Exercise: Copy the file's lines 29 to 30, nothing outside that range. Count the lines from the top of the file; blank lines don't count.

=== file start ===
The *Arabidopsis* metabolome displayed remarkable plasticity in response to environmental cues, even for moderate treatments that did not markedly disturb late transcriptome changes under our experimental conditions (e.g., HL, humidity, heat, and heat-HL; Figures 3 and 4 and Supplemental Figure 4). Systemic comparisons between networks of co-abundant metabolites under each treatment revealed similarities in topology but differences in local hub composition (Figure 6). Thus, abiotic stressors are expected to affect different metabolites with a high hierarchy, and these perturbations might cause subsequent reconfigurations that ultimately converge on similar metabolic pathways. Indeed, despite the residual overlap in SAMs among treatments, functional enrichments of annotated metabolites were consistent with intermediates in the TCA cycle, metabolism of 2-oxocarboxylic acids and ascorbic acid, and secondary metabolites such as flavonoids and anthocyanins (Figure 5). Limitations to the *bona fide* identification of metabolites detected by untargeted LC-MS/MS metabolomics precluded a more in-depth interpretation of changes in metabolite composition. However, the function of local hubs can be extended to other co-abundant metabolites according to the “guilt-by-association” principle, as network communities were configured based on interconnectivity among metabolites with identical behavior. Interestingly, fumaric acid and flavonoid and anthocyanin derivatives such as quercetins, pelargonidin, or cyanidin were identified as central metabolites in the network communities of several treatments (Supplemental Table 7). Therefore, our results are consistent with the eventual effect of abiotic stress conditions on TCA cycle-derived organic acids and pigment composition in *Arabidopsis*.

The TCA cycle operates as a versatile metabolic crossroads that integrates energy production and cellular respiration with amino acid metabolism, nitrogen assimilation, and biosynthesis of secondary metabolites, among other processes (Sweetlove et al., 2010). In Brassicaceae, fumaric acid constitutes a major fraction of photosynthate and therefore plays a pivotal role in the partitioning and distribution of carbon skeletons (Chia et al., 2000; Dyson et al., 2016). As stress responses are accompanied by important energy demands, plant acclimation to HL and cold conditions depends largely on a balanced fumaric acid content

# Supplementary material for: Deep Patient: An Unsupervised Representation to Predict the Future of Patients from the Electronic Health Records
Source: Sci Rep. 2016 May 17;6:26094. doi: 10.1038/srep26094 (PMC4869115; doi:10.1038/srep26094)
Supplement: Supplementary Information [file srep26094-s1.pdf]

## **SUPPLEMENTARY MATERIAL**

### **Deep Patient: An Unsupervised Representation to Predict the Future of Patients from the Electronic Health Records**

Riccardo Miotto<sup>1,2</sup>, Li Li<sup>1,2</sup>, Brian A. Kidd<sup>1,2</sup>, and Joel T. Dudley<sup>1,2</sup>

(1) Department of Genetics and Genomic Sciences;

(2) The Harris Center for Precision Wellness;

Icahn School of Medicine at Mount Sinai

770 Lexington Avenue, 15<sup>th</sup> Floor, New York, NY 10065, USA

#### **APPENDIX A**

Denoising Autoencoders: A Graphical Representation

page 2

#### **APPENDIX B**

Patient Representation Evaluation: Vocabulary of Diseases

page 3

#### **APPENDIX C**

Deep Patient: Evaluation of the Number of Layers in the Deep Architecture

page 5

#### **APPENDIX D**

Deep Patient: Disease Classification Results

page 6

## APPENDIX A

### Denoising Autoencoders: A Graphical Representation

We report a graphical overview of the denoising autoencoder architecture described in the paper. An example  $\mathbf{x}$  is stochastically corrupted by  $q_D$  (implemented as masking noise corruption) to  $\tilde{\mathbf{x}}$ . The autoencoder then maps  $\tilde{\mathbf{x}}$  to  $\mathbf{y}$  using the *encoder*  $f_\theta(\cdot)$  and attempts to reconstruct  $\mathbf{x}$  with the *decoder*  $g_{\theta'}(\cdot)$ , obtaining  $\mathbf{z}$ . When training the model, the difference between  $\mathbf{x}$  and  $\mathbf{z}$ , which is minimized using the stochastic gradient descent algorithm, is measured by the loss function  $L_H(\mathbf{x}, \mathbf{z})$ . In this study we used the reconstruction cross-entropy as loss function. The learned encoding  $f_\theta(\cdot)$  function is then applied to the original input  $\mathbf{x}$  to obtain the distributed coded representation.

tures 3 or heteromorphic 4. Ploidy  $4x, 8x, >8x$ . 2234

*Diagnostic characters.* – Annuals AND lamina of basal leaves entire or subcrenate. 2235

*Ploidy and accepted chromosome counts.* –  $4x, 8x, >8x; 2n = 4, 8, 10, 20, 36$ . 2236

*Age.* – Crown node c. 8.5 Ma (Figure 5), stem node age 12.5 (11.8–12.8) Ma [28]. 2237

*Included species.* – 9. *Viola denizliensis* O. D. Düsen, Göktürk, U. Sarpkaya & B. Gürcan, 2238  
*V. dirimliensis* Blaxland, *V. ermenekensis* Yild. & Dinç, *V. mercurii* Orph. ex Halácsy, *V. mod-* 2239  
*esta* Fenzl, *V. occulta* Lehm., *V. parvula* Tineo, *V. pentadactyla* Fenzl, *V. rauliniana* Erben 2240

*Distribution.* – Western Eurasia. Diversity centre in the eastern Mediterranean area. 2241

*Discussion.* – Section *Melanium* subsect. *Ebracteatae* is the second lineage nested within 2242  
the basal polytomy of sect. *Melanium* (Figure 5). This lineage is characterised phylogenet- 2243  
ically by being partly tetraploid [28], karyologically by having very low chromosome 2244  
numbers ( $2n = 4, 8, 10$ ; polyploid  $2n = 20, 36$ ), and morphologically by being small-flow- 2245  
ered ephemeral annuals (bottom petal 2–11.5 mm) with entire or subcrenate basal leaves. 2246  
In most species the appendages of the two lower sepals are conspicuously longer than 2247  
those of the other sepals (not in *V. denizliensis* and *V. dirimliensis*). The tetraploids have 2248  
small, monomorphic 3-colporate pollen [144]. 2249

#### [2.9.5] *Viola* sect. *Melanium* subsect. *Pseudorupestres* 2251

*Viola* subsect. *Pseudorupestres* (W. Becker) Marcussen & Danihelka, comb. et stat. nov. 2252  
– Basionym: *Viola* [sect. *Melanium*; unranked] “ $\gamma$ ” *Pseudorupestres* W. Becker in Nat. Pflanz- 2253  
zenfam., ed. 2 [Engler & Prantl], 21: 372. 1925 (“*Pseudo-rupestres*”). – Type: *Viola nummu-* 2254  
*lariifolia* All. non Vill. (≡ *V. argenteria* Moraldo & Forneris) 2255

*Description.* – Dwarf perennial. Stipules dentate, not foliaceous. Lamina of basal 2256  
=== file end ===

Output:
*Diagnostic characters.* – Annuals AND lamina of basal leaves entire or subcrenate. 2235

*Ploidy and accepted chromosome counts.* –  $4x, 8x, >8x; 2n = 4, 8, 10, 20, 36$ . 2236